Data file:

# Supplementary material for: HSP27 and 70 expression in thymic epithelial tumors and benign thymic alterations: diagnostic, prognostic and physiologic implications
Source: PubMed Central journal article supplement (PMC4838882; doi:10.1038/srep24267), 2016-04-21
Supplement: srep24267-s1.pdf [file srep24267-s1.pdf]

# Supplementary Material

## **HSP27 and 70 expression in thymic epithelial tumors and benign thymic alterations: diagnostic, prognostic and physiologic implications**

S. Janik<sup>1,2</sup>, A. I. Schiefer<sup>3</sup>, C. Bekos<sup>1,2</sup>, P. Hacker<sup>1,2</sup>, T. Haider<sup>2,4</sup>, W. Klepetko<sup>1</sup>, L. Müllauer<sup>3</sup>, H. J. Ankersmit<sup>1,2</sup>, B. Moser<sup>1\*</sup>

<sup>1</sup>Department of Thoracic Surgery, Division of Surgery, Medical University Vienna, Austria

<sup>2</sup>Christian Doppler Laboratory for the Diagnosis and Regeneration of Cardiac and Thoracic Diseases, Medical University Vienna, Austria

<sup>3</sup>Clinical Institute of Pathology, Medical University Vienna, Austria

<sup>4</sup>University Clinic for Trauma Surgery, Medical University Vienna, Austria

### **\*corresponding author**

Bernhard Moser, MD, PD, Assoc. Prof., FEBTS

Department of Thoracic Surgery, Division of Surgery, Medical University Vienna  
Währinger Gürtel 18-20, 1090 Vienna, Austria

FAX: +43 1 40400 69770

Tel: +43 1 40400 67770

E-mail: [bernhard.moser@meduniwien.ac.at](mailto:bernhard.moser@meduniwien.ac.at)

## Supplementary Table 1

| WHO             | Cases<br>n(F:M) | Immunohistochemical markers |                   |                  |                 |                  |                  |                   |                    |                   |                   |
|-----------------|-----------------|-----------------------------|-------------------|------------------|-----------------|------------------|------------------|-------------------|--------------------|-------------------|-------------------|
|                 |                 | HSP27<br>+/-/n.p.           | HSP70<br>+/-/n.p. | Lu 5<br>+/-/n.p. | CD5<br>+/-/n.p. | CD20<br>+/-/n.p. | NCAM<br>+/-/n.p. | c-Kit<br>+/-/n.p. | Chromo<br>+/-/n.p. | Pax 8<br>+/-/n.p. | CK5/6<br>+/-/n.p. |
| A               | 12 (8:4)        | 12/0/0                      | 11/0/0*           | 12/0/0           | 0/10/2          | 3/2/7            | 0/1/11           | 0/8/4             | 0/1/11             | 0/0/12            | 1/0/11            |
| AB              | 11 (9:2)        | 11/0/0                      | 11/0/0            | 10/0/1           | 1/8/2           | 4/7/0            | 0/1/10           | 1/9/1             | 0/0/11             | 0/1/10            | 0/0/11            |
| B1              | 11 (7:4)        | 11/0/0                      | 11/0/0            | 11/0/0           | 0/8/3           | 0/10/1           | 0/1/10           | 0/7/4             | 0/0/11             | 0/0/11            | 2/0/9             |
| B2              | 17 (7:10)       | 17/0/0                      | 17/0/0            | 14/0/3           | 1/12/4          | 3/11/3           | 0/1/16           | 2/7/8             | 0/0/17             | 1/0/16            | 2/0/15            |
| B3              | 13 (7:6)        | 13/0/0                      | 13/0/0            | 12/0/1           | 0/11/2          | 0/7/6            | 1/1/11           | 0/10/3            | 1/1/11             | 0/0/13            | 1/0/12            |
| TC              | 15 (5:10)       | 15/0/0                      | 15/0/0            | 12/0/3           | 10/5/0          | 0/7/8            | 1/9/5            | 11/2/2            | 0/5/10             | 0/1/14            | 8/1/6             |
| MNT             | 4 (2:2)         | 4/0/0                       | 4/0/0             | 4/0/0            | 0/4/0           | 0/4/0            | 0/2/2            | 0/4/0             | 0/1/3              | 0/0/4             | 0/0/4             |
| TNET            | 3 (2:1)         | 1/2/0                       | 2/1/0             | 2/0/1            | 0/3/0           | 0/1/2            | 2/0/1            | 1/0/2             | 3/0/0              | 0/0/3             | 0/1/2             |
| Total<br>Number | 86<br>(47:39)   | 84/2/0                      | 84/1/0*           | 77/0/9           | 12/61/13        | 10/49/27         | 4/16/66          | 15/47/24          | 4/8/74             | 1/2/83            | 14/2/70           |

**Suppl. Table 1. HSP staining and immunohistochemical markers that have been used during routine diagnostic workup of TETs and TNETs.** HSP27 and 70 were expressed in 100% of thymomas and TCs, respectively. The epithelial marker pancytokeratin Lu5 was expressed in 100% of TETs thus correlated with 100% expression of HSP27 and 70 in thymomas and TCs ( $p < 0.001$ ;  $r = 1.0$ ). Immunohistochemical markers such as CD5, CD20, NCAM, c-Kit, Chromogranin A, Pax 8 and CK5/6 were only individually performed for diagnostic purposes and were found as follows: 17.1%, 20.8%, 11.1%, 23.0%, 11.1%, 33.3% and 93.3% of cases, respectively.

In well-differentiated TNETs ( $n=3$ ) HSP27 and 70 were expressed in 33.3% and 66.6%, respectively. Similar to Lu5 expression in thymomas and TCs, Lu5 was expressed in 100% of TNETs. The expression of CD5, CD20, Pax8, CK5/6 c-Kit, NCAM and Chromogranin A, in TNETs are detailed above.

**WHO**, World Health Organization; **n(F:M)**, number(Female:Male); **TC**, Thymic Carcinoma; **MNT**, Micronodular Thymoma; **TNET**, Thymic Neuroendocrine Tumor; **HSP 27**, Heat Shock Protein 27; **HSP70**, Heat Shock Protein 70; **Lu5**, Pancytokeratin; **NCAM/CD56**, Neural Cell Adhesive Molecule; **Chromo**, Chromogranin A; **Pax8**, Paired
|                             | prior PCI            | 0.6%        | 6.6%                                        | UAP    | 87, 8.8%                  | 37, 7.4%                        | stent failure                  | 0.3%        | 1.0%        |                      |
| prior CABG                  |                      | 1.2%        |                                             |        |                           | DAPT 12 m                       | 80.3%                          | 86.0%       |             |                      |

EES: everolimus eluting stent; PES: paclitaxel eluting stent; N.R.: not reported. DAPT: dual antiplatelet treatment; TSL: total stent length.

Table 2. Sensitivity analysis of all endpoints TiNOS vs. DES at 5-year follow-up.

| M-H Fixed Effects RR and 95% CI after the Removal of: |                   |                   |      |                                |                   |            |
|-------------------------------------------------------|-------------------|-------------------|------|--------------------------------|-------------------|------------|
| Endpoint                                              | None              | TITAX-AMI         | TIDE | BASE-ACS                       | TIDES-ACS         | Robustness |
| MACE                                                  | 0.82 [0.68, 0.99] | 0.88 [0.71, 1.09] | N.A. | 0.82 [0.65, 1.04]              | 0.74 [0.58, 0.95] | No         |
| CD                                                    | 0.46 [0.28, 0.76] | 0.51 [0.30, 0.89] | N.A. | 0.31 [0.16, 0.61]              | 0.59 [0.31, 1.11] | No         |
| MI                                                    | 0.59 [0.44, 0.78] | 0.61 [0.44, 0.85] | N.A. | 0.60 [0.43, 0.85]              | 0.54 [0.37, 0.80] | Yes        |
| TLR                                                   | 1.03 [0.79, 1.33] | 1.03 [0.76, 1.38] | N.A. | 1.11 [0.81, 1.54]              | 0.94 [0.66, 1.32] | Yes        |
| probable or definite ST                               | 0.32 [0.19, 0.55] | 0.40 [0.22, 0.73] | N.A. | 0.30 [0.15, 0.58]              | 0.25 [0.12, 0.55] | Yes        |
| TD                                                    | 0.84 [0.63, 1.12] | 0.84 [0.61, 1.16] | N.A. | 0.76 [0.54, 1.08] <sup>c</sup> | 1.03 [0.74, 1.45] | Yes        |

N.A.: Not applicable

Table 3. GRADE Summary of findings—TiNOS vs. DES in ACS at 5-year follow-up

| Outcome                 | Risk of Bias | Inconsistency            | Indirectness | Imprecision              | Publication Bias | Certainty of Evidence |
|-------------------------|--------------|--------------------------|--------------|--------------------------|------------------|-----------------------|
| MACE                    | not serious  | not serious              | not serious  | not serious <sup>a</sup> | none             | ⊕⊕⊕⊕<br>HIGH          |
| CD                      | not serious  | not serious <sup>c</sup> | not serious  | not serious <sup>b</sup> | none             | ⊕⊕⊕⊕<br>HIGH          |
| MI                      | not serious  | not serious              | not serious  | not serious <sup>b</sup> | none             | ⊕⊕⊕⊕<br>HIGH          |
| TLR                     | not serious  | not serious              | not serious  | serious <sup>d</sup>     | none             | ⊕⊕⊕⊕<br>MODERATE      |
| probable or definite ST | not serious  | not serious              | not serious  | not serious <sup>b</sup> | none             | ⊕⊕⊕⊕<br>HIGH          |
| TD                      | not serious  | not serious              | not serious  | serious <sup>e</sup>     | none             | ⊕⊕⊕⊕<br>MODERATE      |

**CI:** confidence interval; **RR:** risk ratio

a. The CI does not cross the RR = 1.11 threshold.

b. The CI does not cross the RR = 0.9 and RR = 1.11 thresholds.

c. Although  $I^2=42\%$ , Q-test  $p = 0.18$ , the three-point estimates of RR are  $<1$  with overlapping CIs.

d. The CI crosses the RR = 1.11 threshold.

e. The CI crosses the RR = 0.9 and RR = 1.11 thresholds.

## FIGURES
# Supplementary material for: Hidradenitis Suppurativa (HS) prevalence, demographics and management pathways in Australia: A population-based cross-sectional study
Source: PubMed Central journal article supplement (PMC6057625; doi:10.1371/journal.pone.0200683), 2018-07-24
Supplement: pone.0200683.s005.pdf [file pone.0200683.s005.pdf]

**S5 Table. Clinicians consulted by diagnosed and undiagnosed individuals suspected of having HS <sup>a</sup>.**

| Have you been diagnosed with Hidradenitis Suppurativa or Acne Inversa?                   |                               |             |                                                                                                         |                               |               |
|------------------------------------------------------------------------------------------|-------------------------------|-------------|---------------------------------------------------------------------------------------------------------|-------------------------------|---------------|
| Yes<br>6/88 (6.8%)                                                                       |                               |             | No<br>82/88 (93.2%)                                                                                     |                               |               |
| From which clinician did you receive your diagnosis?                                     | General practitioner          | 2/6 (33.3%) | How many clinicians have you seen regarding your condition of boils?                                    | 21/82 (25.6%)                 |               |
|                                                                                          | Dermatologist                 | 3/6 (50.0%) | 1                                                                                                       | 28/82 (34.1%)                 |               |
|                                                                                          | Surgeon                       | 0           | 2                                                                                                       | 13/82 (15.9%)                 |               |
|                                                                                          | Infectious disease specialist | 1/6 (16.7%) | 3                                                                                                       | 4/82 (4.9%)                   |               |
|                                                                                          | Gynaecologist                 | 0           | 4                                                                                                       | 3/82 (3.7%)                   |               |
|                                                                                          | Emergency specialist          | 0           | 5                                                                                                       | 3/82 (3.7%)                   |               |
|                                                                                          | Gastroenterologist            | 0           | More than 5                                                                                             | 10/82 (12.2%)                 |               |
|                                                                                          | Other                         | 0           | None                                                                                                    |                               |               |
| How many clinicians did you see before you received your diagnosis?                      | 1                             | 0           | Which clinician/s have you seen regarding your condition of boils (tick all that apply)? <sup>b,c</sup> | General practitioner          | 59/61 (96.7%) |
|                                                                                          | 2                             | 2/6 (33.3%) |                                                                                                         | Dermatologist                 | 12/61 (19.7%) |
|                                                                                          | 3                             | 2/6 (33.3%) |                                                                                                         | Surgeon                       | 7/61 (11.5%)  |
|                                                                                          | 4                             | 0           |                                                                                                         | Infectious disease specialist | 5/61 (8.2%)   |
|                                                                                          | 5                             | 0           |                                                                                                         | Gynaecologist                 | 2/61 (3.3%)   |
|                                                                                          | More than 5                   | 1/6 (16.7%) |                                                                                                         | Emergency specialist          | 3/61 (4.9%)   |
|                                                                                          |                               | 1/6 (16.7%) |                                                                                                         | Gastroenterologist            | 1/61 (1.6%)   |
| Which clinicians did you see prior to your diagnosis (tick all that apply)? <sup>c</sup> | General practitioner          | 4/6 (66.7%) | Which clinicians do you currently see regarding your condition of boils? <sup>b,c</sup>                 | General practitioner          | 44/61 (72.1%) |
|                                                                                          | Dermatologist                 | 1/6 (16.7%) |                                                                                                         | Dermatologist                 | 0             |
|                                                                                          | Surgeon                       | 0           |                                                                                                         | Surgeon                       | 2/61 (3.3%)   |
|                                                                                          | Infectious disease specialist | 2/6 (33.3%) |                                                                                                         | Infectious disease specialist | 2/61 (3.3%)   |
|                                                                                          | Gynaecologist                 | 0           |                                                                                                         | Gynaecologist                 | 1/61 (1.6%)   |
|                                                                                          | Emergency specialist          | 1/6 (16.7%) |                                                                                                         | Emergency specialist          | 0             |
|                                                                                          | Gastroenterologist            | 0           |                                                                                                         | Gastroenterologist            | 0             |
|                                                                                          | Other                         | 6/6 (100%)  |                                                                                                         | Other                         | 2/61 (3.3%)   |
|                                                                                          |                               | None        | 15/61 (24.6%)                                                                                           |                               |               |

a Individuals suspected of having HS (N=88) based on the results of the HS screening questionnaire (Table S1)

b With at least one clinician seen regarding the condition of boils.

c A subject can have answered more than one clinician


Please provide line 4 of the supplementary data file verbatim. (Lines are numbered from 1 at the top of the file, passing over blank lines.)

# Supplementary Material